Police Using Cell Phones to Track Callers Without Consent, Judge Napolitano Says It’s Violating 4th Amendment Unless Warrant Was Issued
There have been alarming new findings that hundreds of law enforcement agencies are tracking Americans through their phones without consent. Is the government violating Fourth Amendment rights with this illegal action?
Judge Andrew Napolitano discussed the legal ramifications on Happening Now, saying the action is indeed violating our Fourth Amendment rights if the government didn’t first issue a search warrant. He continued, saying that we wouldn’t know if they were tracking us because each phone has a GPS device in which government software can allow them access.
“Government admits that it is doing this,” he said. “But, it’s reluctant to use evidence obtained from this in a courtroom because that will place the constitutionality of its practice in front of a judge.” He went on to say that he believes the Supreme Court will ultimately rule that they can’t do it.
He questions, “Do we really want to live in a society that the government knows everywhere we’ve been and can almost anticipate where we’re going to go?”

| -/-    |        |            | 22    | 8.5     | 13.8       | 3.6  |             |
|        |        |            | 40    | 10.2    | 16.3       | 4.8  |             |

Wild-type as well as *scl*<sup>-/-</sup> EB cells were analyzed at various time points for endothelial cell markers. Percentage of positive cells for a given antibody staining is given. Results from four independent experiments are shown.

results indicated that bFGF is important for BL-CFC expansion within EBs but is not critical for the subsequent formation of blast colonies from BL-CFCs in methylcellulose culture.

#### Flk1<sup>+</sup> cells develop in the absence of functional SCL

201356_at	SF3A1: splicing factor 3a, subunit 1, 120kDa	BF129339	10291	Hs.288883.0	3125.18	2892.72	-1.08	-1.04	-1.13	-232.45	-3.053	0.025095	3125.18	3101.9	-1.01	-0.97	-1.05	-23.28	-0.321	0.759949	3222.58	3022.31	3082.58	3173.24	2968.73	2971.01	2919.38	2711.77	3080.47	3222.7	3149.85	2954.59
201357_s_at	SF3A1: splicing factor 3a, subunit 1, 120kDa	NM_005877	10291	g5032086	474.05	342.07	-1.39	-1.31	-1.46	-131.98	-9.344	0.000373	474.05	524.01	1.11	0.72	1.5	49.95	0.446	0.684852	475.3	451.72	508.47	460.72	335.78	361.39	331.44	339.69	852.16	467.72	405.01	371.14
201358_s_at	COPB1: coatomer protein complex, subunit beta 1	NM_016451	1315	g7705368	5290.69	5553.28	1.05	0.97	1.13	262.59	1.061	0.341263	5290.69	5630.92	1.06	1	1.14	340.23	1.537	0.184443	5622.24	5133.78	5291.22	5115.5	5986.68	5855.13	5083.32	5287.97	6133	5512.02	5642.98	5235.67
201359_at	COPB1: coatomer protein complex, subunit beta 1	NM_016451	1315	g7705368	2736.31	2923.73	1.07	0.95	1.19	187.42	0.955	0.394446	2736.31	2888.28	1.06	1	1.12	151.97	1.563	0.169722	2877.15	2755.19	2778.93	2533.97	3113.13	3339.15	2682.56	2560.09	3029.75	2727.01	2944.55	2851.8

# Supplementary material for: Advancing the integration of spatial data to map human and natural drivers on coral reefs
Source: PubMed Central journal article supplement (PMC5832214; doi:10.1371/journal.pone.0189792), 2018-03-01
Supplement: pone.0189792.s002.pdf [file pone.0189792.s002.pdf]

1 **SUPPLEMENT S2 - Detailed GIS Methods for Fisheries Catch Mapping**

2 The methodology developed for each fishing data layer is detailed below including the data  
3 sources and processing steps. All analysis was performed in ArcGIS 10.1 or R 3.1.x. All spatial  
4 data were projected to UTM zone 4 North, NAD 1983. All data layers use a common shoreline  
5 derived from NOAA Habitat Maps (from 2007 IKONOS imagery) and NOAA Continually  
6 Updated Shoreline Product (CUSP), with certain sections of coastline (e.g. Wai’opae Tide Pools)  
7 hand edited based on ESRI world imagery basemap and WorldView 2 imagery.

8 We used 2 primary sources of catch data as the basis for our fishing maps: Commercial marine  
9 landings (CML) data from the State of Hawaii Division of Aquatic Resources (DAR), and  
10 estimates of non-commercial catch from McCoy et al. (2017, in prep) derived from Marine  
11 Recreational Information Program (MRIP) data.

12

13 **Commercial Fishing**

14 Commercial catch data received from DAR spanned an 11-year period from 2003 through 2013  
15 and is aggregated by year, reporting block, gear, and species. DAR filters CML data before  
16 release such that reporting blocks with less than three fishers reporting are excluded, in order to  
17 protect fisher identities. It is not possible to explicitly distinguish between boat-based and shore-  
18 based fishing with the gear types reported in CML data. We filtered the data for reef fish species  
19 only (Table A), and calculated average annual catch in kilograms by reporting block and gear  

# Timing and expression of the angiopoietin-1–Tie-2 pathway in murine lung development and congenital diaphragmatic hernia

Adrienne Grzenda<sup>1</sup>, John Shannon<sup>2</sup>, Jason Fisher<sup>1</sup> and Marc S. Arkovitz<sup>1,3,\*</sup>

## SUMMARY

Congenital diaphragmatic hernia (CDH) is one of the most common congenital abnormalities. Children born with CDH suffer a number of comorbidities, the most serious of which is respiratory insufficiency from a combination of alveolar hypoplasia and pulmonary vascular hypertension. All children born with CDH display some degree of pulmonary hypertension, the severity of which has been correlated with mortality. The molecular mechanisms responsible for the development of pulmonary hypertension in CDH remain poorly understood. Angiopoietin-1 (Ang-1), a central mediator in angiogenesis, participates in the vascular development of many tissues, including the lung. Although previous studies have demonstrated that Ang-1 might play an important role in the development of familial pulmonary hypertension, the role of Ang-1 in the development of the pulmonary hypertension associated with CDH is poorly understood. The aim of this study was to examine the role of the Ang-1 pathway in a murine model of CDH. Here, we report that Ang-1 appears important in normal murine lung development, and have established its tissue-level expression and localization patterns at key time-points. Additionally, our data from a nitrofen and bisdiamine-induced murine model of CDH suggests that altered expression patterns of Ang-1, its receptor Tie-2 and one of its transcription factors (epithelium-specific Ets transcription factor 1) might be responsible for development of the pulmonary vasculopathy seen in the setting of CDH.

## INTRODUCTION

Hear and read more of Judge Napolitano’s analysis below:
The use by law enforcement of the GPS chip in our cell phones to monitor the location of the phone is a clear violation of the Fourth Amendment, and law enforcement officials know this. They know it because the Supreme Court just ruled in the past year that planting a GPS device in a car without a search warrant or using sophisticated devices outside a home to learn what folks are doing inside the home without a search warrant is unconstitutional. Nevertheless, the police have been using cell phones to tell them where the phone--and hence its user--is located, and they have been using the phone to listen in on in-person conversations that the possessor of the phone is having with another person. (The latter are not conversations on the phone, but in-person conversations in the presence of the phone.)
Did you know that the government can use your cell phone as a listening device, so long as the battery is in the phone; even if it is turned off?
Since the police know that their use of people’s cell phones for any purpose without a search warrant is unconstitutional, they often will not use evidence obtained from the illegal use of the cell phone in court. By deciding not to introduce evidence obtained illegally, the police can continue to engage in their illegal surveillance, unmolested by the courts.
Andrew P. Napolitano, a former judge of the Superior Court of New Jersey, is the senior judicial analyst at Fox News Channel. Judge Napolitano has written six books on the U.S. Constitution. The most recent is "It Is Dangerous To Be Right When the Government Is Wrong: The Case for Personal Freedom." To find out more about Judge Napolitano and to read features by other Creators Syndicate writers and cartoonists, visit www.creators.com.